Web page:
How Shabana became a witch!
More on Makdi, the children's tale
Bollywood now seems to be waking up to the fact that makeup plays a very important role in films.
Take the recent Badhaai Ho Badhaai, which instantly transformed Anil Kapoor into an obese person. Or Bobby Deol in 23rd March 1931 -- Shaheed, where he was made to look like Shaheed Bhagat Singh.
Composer-turned-film director Vishal Bharadwaj knows the importance of makeup too well. In his debut film, veteran actress Shabana Azmi plays a witch in Makdi. And the makeup (by Arun Seal) is so well done that it is difficult to recognise the actress in her new look.
Says Bharadwaj, "Witches have been part of my childhood. For Makdi, I did not actually visualise the witch's face. I only knew that she had to be very old --- she is 100-150 years old --- and tall. But I did have an idea of what she would sound like."
Azmi was a natural choice, according to the director: 'Shabana is as good an actress as Lata Mangeshkar is a singer'. And Bharadwaj did not have to convince her about the role. "She agreed immediately after hearing the script."
The actress, known for her professionalism, did a lot of research on witches. She also downloaded some images of witches from the Internet. The costume designer Arjun Bhasin (Monsoon Wedding, Dil Chahta Hai), also got some pictures of witches. "We started mixing and matching the pictures to get the right look. We took the teeth from one picture, eyes from another and so on and got our final product," says Bharadwaj.
"Then we had to work on achieving that look for Shabana. After many trials and errors, we finally got what we wanted. The entire process of getting the right look took a month."
Arun Seal, the makeup artist, adds, "Finally, we came down to two references --- one was a dark, Gothic look; the other was a blue-grey look, which looked dead and frozen. The Gothic look was very scary and would have turned the children off. So we chose the second look. We wanted the children to be fascinated by the character, not to hate her."
Bharadwaj's main aim behind this elaborate makeup was, of course, to scare children. As he says, "Only if it appears scary will they be curious to watch the film."
Seal explains the finer details about Azmi's makeup. "I used wax to hide her eyebrows and change her features a bit. Of course, we did not change too much --- we wanted the audience to recognise Shabana. I used colours to blend the wax into her face. That was the challenging part.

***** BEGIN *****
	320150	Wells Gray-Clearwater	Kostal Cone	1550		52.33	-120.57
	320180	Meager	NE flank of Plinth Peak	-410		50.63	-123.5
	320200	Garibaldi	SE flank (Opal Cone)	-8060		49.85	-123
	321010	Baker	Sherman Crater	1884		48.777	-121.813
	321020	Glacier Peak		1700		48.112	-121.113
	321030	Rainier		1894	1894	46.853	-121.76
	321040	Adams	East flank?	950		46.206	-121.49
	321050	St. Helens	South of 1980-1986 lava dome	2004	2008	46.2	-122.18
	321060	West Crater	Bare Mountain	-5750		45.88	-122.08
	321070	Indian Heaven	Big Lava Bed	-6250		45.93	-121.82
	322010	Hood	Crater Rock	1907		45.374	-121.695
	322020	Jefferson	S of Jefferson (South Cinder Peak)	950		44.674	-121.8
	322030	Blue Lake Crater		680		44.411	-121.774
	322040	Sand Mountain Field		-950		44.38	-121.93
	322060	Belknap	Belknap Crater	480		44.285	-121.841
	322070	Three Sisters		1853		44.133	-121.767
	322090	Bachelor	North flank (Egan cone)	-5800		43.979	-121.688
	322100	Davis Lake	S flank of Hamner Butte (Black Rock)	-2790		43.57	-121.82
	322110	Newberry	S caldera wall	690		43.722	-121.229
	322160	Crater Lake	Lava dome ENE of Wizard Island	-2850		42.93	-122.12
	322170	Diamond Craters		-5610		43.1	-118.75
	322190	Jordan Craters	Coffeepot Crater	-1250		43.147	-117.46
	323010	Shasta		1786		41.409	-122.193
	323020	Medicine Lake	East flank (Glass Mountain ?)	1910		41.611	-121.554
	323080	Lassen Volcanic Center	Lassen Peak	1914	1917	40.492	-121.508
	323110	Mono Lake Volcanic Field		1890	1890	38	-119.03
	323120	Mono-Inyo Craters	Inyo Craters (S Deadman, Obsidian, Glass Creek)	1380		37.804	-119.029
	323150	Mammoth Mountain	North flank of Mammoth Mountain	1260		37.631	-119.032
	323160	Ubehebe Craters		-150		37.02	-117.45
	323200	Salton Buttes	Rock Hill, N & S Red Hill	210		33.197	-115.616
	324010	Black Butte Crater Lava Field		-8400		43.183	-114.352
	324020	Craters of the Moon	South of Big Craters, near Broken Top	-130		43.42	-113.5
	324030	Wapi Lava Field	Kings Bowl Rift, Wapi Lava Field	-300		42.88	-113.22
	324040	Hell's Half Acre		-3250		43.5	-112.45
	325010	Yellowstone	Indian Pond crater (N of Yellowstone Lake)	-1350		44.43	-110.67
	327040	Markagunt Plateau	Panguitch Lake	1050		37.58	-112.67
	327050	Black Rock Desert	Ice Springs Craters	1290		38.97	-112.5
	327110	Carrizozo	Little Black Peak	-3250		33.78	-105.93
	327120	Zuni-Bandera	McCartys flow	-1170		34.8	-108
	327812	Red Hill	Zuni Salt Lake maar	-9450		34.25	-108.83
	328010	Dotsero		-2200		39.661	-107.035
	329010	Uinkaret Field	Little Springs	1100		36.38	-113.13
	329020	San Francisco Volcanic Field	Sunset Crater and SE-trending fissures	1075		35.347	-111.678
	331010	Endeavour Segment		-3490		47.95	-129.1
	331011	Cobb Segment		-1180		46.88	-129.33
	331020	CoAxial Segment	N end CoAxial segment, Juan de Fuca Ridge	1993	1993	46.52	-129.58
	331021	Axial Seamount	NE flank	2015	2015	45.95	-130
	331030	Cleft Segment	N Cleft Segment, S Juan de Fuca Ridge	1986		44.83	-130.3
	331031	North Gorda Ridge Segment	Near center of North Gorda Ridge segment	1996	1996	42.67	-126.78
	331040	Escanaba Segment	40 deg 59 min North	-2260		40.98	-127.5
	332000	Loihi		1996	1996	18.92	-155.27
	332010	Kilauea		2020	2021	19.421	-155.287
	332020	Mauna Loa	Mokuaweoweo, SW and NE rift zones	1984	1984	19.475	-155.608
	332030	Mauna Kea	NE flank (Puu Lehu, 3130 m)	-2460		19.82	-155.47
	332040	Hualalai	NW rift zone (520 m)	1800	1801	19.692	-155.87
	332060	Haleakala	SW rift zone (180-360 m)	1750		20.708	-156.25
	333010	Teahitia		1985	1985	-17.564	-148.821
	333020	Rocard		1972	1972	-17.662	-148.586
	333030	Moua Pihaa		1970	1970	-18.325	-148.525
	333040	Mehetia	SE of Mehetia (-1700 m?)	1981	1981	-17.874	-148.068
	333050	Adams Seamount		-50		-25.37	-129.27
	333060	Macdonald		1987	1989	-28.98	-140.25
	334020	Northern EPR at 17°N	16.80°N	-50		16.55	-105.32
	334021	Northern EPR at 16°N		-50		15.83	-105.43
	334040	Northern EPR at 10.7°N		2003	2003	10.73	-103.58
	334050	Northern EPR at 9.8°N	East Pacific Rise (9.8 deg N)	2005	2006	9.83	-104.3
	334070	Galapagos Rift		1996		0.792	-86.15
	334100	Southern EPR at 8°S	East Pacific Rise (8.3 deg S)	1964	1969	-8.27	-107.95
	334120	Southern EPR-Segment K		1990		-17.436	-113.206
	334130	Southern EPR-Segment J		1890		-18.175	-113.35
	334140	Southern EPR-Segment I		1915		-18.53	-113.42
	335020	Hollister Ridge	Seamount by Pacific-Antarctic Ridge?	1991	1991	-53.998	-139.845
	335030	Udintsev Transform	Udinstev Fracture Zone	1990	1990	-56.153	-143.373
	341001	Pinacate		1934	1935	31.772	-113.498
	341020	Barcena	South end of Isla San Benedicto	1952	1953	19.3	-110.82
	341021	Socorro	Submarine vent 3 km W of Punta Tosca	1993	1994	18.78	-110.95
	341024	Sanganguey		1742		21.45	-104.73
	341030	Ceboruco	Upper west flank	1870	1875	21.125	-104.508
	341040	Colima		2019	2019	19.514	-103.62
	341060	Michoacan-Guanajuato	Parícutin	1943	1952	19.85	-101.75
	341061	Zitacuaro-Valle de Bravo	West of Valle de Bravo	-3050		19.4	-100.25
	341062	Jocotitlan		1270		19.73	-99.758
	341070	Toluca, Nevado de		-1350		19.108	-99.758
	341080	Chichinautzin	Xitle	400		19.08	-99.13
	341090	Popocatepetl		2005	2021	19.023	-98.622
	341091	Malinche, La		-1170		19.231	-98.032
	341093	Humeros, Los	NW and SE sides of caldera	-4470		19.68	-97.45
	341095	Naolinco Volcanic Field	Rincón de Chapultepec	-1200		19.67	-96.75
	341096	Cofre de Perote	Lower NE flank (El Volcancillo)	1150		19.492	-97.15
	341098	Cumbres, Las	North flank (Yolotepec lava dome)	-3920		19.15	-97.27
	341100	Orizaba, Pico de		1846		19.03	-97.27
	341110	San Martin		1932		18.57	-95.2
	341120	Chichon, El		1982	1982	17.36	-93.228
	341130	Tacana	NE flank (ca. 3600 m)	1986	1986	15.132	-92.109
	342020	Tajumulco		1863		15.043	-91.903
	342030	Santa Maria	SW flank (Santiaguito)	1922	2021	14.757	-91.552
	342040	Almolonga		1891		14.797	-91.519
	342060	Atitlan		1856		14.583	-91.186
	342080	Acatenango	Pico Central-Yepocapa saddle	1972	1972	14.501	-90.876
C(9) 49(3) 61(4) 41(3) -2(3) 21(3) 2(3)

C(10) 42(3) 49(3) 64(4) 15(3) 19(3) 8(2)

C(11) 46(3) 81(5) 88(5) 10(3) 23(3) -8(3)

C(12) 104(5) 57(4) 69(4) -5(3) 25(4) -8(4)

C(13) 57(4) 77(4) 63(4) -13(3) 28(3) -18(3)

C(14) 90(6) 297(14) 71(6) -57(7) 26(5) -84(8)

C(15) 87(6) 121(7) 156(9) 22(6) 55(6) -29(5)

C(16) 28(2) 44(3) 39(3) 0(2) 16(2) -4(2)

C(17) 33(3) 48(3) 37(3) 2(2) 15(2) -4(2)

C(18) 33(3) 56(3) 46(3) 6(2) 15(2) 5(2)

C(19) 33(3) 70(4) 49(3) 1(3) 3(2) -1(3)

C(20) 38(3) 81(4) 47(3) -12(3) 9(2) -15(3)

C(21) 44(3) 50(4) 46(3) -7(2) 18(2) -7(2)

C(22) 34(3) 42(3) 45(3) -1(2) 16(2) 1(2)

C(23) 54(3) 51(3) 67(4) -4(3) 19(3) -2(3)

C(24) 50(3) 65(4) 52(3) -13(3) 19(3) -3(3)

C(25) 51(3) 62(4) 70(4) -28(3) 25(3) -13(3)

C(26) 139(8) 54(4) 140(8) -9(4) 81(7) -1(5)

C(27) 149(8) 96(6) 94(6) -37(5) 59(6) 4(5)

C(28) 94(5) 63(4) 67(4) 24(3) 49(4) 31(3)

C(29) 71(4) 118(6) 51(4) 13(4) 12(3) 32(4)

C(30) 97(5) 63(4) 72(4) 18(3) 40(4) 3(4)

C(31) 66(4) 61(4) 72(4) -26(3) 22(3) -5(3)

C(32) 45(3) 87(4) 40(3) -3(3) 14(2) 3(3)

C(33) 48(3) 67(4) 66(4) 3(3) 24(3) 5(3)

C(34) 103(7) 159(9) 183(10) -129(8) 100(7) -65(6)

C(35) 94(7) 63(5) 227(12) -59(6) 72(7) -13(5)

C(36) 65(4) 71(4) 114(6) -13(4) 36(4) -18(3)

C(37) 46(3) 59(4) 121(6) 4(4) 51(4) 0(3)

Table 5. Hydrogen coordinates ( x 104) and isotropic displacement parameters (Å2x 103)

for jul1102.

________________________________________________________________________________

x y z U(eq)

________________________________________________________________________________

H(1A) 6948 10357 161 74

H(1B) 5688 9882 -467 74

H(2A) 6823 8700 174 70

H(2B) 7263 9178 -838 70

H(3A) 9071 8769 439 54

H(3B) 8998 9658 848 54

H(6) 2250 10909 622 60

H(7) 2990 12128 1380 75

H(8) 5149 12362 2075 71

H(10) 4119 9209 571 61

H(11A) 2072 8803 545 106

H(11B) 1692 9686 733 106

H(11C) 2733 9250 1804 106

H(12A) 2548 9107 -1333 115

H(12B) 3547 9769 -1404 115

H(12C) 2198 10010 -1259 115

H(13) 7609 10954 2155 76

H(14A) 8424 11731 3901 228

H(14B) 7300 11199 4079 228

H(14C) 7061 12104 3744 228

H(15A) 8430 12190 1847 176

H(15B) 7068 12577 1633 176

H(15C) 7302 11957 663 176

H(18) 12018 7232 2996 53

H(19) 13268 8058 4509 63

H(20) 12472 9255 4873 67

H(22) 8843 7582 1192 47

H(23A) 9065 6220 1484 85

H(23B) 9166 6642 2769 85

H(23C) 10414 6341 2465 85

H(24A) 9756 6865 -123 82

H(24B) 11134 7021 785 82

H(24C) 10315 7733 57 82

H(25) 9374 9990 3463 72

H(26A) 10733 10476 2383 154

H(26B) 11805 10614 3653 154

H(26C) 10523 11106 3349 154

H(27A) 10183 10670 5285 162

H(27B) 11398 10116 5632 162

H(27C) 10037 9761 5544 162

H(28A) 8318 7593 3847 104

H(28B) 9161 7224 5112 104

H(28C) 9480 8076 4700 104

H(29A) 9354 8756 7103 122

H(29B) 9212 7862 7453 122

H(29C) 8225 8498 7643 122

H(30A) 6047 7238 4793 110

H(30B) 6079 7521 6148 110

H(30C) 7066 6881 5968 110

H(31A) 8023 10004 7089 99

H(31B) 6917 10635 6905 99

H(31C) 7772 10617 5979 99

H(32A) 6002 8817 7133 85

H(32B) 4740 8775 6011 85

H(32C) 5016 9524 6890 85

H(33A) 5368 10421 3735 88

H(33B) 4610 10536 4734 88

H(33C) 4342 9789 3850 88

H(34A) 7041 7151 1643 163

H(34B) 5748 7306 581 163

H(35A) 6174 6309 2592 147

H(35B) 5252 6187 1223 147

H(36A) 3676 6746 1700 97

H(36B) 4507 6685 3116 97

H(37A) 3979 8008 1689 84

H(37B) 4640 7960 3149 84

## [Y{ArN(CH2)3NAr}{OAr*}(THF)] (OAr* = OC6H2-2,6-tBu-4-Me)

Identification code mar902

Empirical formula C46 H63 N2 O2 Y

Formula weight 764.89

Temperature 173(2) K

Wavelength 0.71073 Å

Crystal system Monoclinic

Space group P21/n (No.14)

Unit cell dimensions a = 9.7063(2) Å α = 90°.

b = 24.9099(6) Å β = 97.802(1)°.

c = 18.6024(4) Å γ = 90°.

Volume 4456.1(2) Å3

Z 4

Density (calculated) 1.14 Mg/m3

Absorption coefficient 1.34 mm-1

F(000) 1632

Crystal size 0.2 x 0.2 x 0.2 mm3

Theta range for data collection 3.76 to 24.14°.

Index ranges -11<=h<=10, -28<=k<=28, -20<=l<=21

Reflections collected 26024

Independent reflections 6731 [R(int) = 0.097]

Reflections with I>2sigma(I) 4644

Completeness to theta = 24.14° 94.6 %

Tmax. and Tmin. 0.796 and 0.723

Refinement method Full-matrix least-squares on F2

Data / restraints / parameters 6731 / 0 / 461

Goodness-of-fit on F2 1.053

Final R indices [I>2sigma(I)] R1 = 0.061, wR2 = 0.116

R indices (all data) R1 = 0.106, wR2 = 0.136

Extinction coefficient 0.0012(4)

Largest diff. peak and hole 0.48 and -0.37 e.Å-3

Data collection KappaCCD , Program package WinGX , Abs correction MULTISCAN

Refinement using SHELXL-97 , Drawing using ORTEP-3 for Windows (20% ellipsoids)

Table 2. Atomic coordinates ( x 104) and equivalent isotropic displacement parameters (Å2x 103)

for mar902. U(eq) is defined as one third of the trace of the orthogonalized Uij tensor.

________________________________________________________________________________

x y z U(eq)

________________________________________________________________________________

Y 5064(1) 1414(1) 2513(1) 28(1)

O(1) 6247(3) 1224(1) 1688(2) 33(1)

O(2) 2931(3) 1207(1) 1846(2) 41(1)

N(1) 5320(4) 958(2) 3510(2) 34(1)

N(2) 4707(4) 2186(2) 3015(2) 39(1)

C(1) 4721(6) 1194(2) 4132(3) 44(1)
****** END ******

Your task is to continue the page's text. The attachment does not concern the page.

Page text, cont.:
"I used a wig for her hair," continues Seal. "We had to make the hair look tangled, so we braided her hair and inserted wires in them. Then we bent the wires so her hair would stay that way. We then dusted grey powder over her hair. Initially, I kept Shabana's lips natural. I did not paint them. But the look didn't gel. So I coloured her lips too. I made her gums red --- to make it seem she had just eaten [a human], and traces of blood still remained. But I avoided excessive redness because this is a children's film.
"Initially, I also thought of putting moles on her face. But that was very time-consuming. So we dumped that idea," says Seal.
Bharadwaj adds, "I wanted a special lens for Shabana. After some research, I located a company in London, which had what I needed. I got these flame and spiral lens, which cost 500 pounds each. The makeup was expensive, but I did not want to compromise."
This is the first time that Azmi has worn optical lenses. Says Arun, "She was petrified in the beginning, but came around to it. She is very professional. As long as she understands the reason, she does not mind anything."
The actress wore white scaly gloves to get the eerie effect on her hands, and high-heeled boots to appear tall. The entire process of putting on makeup took an hour-and-half. "But she did not mind at all," says Bharadwaj. "There were times that if the makeup did not come well, she would ask for it to be redone."
In-between, when Seal could not do the makeup because he was also working on Shona Makhija's Chupke Se, artist Vipul Bhagat stepped in. But Seal soon took over --- Makdi is his debut film as a makeup artist.
Makdi is about a witch who turns children into animals if they enter her haunted house. The film also depicts twin sisters, one good and the other bad. One day, the bad girl tricks the good one into entering the witch's house. The witch turns her into a hen.
Now the bad girl has to play a double role, so that no one in the village misses her sister. At the same time, she has to get her sister back from the witch.
The film has been shot in Goa (along the Western Indian coast near Maharashtra), and Alibaug (along the Western Indian coast of Maharashtra). The film was completed in a record 24 days. "I did my homework really well," Bharadwaj explains.
Bharadwaj is also the co-producer of the film, along with Sanjay Rautrai. The film is slated for release during Diwali this year.